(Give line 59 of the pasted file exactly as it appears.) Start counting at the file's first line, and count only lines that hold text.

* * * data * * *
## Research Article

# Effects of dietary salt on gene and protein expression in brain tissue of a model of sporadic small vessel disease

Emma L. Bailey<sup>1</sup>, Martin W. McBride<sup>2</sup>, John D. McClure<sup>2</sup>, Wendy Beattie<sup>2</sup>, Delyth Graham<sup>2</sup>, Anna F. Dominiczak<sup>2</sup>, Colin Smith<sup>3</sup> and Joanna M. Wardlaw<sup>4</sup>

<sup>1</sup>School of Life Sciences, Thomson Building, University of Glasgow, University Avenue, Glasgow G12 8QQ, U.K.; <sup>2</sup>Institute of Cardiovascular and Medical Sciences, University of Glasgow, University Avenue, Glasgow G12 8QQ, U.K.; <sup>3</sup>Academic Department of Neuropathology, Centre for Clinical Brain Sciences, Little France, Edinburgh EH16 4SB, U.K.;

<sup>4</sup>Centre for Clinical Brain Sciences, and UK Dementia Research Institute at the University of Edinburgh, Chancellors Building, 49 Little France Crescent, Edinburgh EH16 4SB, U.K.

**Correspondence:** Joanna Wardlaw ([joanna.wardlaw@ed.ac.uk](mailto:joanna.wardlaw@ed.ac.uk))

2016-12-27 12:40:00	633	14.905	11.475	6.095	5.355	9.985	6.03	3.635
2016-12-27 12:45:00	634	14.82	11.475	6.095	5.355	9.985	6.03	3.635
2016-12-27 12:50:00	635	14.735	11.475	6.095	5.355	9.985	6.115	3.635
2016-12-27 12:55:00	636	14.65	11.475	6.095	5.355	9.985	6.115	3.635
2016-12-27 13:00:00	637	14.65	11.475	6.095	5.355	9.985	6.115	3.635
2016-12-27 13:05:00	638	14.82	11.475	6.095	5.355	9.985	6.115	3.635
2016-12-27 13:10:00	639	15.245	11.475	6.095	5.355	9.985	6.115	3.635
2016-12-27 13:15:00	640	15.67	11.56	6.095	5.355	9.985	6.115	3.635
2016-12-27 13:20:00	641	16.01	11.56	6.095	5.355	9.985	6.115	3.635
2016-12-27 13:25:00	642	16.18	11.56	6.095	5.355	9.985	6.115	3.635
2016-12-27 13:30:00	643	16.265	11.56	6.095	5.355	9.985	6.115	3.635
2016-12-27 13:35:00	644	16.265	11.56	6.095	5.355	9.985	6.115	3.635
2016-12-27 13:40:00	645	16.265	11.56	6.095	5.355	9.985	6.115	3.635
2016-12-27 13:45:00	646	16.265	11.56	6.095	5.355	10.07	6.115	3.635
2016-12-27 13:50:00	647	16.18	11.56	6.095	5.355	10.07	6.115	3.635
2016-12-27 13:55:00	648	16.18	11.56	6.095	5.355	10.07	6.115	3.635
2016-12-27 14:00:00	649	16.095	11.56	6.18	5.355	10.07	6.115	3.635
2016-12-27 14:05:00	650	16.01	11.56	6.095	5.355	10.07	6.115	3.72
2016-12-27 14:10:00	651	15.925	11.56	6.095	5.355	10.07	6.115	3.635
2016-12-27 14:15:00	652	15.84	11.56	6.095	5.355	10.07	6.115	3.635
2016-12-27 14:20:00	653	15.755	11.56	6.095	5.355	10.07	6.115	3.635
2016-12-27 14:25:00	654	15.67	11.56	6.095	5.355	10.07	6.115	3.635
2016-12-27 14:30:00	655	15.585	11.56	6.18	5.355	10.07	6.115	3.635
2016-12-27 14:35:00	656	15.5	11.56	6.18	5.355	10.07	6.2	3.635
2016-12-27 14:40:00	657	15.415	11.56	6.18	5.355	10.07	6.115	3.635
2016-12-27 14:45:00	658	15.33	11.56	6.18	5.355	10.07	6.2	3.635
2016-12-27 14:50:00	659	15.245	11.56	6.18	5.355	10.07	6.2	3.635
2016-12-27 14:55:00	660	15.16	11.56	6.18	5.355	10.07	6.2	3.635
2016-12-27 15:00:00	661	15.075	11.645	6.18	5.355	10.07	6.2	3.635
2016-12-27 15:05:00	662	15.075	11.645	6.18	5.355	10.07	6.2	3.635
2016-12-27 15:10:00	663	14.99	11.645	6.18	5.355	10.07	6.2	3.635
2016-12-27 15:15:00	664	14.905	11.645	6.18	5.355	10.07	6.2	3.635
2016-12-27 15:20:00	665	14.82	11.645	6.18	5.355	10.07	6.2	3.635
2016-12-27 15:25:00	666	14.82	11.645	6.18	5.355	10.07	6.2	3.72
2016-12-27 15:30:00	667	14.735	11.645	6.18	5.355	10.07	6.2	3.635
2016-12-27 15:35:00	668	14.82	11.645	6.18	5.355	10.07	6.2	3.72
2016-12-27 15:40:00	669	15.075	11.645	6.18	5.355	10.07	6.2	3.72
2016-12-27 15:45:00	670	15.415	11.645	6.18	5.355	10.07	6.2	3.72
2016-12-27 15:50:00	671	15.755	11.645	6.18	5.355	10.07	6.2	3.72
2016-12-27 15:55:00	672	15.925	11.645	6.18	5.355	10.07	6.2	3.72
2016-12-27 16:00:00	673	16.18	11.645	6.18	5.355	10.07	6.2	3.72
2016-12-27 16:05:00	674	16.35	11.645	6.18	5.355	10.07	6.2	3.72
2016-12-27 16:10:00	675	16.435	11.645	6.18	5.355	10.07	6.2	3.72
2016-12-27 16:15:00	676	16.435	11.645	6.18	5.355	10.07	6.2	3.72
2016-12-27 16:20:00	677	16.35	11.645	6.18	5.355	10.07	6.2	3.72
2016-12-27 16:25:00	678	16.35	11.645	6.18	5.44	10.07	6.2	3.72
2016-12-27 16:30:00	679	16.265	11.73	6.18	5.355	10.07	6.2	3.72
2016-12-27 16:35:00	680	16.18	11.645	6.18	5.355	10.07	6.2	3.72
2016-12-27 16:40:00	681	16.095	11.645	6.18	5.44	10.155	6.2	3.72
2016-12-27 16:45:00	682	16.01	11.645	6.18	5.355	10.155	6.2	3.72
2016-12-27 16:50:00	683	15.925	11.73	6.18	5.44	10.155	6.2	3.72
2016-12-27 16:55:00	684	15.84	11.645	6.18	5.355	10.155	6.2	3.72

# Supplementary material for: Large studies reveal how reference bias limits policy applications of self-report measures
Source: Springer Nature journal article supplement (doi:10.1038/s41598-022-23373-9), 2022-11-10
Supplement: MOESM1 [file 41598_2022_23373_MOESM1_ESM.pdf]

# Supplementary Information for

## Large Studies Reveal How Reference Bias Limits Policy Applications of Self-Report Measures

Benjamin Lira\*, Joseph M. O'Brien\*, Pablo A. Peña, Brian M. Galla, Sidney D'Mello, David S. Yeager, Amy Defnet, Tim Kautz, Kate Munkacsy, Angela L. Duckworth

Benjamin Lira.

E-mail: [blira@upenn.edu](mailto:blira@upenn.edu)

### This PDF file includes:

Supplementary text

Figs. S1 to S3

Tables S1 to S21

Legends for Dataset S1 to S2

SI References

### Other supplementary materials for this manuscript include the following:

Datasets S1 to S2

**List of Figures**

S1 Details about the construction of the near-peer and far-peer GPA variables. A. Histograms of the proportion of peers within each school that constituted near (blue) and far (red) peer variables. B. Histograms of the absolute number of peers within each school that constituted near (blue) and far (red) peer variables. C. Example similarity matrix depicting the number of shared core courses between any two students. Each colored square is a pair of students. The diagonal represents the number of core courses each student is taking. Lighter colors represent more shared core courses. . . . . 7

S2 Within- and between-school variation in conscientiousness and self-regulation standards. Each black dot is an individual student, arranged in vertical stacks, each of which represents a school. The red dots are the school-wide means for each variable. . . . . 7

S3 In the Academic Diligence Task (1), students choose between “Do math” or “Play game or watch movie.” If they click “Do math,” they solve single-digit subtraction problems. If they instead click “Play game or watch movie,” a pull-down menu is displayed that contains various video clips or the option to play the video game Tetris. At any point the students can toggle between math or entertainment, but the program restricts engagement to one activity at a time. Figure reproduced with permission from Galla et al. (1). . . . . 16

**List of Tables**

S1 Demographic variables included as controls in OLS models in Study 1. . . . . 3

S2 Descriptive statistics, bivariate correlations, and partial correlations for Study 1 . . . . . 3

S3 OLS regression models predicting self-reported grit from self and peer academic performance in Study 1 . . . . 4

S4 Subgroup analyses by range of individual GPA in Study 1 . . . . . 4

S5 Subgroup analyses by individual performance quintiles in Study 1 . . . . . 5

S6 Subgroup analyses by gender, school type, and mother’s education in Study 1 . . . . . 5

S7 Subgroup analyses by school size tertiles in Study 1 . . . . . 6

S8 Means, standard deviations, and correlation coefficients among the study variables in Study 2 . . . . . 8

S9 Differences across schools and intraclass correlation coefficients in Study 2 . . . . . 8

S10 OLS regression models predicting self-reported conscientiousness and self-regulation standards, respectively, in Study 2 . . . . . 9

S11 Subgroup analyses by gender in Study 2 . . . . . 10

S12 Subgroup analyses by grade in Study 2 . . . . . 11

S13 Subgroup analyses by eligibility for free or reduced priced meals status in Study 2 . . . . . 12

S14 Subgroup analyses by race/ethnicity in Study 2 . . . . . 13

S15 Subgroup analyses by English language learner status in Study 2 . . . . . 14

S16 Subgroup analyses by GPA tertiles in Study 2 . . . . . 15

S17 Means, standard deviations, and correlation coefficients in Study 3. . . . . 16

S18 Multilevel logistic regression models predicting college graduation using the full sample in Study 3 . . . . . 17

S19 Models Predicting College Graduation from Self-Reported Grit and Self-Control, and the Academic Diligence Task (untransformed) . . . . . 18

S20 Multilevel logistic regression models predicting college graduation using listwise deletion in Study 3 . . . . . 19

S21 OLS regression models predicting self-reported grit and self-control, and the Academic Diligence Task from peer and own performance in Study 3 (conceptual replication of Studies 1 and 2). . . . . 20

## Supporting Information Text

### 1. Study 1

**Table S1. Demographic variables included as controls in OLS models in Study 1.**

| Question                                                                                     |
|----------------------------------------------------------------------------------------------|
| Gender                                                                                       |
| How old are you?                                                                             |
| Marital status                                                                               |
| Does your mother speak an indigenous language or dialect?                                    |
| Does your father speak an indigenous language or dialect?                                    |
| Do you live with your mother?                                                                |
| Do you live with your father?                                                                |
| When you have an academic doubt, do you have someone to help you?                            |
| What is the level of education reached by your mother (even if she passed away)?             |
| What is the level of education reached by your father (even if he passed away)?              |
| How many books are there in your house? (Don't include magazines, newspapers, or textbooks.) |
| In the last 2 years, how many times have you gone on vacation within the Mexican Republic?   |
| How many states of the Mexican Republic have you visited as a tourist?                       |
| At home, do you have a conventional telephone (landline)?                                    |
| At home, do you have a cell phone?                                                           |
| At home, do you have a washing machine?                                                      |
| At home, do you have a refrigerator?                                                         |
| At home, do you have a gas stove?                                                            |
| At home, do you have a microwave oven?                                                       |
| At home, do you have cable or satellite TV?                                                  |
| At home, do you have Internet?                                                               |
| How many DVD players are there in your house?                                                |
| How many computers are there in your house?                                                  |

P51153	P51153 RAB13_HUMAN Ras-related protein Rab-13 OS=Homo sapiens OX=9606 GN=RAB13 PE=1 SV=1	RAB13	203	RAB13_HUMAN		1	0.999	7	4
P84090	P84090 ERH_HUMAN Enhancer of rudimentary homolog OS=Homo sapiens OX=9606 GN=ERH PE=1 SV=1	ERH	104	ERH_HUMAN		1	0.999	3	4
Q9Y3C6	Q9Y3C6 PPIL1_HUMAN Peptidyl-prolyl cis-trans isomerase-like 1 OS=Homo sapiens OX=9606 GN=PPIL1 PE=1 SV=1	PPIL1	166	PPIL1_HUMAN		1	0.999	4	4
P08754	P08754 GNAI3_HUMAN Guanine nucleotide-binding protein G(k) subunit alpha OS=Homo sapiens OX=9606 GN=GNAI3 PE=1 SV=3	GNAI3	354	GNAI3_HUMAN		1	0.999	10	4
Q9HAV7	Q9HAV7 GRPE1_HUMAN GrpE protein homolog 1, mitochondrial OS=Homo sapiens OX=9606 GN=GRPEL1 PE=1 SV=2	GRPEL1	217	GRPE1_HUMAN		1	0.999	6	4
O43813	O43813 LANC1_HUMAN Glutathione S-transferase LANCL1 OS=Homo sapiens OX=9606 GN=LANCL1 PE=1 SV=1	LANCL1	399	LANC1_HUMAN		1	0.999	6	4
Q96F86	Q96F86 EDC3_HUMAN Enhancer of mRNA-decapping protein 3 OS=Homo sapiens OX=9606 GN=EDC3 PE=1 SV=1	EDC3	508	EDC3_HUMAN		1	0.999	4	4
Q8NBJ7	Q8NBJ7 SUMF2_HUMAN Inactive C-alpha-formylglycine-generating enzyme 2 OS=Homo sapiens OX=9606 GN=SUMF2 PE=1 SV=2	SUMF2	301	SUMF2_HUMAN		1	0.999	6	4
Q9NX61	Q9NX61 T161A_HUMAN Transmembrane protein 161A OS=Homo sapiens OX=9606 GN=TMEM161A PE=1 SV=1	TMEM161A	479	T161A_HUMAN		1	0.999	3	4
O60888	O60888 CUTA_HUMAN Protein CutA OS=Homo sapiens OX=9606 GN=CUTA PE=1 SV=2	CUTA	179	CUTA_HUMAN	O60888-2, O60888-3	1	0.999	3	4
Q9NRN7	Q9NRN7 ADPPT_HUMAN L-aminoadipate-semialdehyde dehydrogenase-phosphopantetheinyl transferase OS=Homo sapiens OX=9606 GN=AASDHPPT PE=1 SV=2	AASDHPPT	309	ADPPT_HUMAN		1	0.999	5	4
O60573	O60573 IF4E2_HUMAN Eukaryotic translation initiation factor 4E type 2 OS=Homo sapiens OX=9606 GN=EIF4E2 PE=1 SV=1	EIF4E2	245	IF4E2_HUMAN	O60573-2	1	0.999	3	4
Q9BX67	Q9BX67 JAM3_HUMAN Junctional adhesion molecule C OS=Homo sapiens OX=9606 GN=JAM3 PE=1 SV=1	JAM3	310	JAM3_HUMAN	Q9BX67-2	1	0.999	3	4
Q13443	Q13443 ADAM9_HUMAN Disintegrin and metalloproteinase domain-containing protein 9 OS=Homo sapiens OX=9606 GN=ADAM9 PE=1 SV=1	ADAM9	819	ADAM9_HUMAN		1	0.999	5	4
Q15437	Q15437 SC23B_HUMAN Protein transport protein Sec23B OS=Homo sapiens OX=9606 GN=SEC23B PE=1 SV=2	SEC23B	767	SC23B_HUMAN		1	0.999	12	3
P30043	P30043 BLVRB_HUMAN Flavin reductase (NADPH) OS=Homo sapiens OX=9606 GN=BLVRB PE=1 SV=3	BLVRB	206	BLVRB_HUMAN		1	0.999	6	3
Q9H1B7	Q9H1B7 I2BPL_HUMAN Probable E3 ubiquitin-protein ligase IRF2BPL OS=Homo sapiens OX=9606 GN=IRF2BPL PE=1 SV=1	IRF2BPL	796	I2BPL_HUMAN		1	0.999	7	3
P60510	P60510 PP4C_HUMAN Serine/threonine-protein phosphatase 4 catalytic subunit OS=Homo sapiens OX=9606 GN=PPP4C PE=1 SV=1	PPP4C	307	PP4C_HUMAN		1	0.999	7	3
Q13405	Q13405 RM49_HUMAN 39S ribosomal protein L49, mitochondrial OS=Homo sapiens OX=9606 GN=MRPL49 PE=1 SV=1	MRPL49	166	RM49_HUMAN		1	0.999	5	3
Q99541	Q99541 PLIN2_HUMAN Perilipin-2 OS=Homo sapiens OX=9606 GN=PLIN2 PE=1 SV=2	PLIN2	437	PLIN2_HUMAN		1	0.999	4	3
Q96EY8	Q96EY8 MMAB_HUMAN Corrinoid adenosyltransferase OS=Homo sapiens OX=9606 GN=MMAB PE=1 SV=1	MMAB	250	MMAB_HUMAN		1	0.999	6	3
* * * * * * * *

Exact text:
# Supplementary material for: Large studies reveal how reference bias limits policy applications of self-report measures